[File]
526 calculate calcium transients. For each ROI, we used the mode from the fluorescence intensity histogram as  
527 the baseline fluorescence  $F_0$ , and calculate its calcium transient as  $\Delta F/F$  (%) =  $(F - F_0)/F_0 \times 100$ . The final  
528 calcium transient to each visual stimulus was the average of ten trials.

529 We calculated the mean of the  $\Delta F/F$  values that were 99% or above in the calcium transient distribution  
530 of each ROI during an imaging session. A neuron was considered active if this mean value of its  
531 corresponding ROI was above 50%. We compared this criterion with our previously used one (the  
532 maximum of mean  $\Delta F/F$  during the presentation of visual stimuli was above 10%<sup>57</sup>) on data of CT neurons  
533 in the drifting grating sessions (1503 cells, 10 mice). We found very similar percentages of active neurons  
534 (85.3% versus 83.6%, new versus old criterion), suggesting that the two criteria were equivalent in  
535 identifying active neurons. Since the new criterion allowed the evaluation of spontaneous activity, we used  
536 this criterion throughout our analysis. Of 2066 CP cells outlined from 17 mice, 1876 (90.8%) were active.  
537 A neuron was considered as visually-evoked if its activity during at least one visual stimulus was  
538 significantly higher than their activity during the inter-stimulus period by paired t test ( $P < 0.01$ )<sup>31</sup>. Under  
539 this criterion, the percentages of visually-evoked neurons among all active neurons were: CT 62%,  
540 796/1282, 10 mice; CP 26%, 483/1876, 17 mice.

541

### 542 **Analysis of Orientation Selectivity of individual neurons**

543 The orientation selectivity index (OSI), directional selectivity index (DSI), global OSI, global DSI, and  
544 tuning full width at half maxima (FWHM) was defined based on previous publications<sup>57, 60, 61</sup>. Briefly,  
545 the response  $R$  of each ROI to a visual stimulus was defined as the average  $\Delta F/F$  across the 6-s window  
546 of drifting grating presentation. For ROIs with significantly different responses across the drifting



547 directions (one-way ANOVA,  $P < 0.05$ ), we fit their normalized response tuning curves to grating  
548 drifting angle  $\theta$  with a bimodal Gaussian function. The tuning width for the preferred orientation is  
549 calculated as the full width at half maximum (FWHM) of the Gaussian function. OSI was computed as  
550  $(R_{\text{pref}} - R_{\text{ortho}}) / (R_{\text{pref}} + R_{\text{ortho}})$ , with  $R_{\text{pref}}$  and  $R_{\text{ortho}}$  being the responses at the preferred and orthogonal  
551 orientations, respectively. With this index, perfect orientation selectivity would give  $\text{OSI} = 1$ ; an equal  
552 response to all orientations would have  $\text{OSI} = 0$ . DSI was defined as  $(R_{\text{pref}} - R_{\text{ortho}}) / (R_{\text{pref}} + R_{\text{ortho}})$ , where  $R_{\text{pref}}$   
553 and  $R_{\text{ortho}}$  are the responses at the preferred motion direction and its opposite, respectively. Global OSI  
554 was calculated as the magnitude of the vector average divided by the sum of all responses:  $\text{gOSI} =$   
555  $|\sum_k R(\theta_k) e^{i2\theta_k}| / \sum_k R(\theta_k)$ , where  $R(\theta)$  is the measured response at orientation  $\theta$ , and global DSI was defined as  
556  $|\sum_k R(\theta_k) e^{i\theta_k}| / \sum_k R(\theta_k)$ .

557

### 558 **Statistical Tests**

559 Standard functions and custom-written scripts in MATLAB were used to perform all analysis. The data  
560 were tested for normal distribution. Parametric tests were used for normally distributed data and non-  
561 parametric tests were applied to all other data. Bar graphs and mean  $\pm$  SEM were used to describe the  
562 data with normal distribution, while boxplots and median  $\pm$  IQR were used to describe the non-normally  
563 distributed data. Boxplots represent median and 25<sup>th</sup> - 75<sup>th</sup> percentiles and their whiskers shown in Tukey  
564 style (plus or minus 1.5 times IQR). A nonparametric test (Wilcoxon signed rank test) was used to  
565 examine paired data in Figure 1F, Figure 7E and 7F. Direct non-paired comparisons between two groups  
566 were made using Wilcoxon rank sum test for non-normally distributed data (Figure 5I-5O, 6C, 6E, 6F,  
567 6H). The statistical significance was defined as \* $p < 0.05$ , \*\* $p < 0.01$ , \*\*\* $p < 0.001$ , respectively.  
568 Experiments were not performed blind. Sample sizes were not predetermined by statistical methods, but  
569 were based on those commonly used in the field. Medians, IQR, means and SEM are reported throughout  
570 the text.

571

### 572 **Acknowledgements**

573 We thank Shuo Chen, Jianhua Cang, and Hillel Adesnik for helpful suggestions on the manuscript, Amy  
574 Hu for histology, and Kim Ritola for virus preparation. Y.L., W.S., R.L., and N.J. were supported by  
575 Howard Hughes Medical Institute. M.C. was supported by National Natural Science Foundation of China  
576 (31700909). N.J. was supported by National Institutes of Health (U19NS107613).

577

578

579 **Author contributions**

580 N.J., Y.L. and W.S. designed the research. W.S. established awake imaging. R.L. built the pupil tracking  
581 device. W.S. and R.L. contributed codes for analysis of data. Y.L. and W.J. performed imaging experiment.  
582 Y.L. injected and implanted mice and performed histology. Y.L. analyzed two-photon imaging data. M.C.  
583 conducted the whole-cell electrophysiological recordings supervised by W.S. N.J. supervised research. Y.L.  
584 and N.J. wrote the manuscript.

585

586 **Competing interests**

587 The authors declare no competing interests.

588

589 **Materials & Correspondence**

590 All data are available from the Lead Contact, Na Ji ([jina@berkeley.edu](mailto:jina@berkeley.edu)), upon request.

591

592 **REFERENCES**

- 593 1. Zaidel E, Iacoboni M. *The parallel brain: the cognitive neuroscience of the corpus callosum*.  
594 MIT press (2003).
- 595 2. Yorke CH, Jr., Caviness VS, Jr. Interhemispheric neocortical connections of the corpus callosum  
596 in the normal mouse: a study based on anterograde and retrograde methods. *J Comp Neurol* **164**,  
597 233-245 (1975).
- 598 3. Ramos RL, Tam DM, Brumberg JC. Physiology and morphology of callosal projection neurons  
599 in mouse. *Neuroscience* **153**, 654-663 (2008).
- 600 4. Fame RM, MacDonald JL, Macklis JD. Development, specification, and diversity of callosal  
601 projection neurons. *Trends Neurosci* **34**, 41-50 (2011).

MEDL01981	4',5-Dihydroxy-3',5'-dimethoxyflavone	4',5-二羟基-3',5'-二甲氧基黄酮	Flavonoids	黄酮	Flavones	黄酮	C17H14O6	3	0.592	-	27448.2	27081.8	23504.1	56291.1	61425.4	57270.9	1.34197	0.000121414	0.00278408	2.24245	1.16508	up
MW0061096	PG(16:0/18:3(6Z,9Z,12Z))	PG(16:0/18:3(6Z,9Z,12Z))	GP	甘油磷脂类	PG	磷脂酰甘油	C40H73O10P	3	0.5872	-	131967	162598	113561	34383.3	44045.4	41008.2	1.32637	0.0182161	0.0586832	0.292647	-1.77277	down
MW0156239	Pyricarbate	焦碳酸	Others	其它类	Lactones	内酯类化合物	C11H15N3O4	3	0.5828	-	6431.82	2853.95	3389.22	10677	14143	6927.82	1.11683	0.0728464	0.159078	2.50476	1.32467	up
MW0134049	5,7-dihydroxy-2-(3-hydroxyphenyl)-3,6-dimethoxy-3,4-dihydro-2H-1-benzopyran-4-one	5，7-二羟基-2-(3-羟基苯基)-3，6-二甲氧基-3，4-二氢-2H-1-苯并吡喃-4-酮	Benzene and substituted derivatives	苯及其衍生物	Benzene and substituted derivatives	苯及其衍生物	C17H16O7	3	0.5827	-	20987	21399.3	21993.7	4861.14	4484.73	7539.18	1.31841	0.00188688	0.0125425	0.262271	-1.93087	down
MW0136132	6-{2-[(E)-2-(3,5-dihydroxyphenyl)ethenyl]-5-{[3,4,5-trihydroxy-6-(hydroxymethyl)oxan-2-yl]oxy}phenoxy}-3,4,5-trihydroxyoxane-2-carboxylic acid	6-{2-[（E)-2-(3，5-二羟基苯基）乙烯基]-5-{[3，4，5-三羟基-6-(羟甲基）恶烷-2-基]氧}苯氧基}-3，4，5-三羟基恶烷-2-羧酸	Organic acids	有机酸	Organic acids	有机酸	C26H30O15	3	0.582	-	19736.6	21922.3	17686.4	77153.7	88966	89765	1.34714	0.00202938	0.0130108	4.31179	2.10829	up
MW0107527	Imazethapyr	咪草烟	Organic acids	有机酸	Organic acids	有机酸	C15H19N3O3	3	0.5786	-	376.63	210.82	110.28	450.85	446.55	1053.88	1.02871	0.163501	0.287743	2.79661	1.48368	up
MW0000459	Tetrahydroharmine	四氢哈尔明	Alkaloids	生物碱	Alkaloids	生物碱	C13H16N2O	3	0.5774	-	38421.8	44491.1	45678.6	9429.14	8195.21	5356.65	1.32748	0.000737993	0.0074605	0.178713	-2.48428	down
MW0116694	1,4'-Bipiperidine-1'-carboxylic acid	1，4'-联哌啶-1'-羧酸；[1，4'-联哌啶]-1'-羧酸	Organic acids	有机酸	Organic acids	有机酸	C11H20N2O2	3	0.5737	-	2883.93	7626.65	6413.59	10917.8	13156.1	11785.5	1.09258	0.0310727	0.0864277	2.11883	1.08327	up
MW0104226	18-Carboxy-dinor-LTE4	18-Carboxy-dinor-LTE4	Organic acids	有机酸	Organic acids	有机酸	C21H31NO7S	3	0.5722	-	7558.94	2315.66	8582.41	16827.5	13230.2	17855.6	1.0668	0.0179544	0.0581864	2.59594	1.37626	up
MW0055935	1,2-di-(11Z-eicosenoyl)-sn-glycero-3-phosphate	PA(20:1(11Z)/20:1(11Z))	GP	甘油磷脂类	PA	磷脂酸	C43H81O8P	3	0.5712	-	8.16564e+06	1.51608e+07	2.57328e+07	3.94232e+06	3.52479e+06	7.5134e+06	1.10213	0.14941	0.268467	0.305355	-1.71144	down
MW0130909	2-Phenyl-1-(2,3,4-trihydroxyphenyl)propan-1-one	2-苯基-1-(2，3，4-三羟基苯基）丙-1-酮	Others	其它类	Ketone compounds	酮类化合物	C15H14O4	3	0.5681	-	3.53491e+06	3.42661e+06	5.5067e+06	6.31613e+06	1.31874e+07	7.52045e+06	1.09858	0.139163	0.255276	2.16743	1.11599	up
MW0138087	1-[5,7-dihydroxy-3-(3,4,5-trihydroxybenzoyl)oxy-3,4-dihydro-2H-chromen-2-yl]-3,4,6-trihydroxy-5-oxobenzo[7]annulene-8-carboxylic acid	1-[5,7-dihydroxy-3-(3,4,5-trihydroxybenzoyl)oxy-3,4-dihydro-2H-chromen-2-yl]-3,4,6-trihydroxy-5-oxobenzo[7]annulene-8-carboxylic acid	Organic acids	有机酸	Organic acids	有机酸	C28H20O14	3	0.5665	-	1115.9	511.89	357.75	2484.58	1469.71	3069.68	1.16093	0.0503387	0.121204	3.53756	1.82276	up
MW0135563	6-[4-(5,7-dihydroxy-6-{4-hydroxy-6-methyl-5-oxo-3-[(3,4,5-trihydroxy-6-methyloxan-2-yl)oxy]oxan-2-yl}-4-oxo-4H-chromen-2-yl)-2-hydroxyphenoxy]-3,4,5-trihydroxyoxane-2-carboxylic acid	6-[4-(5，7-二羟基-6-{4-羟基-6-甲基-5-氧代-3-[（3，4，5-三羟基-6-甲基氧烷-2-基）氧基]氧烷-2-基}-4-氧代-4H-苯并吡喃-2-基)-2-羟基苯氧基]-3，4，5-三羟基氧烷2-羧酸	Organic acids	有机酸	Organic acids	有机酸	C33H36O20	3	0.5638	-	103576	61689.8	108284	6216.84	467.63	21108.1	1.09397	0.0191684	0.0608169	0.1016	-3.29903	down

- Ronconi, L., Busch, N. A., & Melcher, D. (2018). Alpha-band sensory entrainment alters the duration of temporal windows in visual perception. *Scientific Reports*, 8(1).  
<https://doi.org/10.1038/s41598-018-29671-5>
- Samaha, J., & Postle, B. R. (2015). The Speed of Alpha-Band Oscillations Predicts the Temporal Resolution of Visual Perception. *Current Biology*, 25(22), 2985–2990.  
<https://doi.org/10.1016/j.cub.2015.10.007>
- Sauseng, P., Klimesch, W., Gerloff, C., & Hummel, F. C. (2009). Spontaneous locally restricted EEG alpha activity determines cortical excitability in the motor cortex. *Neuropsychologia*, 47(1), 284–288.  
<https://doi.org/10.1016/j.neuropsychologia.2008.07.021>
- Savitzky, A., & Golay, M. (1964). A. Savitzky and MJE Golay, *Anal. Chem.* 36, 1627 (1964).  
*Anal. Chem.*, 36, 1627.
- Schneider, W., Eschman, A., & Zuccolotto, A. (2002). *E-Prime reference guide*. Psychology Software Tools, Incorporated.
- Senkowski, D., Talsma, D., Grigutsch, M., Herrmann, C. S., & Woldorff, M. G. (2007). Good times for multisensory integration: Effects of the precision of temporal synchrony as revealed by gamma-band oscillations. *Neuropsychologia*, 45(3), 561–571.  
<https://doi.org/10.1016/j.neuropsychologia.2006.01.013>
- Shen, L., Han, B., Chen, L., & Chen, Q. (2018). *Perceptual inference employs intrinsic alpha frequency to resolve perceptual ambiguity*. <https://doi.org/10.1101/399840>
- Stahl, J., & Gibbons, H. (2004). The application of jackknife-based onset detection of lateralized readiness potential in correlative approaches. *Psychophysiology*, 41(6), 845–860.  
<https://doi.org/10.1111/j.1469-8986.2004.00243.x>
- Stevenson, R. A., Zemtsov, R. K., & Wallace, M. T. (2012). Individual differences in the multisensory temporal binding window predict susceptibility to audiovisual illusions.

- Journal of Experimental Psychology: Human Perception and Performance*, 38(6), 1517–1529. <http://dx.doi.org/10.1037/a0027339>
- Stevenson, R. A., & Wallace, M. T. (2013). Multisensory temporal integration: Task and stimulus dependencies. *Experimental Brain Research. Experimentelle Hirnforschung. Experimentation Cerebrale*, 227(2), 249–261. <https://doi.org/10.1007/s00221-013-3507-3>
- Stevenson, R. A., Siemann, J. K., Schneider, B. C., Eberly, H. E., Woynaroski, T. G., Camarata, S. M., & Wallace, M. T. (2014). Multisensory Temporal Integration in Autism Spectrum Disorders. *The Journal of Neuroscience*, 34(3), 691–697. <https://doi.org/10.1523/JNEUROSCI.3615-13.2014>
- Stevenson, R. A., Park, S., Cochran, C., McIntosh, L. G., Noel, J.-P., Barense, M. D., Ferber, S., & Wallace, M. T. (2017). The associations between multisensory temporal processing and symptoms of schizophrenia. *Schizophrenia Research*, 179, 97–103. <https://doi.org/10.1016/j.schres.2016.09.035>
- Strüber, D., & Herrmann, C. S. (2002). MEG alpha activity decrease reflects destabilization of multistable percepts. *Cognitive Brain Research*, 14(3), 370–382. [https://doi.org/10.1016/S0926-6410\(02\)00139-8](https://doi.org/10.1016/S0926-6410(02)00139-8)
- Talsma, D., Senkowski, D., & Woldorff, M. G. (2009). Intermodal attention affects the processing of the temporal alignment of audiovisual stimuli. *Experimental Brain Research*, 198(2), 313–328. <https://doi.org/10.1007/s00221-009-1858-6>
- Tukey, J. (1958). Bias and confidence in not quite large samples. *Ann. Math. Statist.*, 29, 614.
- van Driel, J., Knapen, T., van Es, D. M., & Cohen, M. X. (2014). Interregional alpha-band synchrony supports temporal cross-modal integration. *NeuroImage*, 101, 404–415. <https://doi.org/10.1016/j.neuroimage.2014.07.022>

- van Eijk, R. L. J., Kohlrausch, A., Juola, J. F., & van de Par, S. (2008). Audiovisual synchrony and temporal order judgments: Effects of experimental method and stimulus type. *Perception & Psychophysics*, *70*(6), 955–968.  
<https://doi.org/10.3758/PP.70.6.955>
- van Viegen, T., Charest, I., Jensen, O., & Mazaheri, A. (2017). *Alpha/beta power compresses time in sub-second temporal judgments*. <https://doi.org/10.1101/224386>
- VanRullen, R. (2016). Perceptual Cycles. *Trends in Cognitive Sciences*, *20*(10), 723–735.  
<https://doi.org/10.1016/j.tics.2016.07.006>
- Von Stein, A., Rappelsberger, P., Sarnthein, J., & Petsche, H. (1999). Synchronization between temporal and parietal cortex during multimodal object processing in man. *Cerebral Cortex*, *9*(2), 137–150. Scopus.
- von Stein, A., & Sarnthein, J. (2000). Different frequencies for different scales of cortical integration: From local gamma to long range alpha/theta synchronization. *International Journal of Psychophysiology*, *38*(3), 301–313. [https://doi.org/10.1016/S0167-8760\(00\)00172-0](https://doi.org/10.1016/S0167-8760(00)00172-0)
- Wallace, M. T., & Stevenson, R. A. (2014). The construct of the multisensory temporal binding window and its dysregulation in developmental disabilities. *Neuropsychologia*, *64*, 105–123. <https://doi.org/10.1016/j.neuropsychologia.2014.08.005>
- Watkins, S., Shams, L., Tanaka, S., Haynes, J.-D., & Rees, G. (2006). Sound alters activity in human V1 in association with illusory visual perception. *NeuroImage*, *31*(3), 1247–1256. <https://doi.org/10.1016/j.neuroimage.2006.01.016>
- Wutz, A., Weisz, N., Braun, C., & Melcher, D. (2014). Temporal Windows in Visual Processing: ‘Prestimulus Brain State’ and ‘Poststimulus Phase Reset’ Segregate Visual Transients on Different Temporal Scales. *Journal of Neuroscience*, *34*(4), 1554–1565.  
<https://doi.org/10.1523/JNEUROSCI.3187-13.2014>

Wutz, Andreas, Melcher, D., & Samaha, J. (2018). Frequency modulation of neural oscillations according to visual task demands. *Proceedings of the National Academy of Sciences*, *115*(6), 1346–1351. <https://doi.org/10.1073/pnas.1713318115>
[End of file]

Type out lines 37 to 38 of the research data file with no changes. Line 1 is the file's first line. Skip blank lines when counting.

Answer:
562 data with normal distribution, while boxplots and median  $\pm$  IQR were used to describe the non-normally  
563 distributed data. Boxplots represent median and 25<sup>th</sup> - 75<sup>th</sup> percentiles and their whiskers shown in Tukey  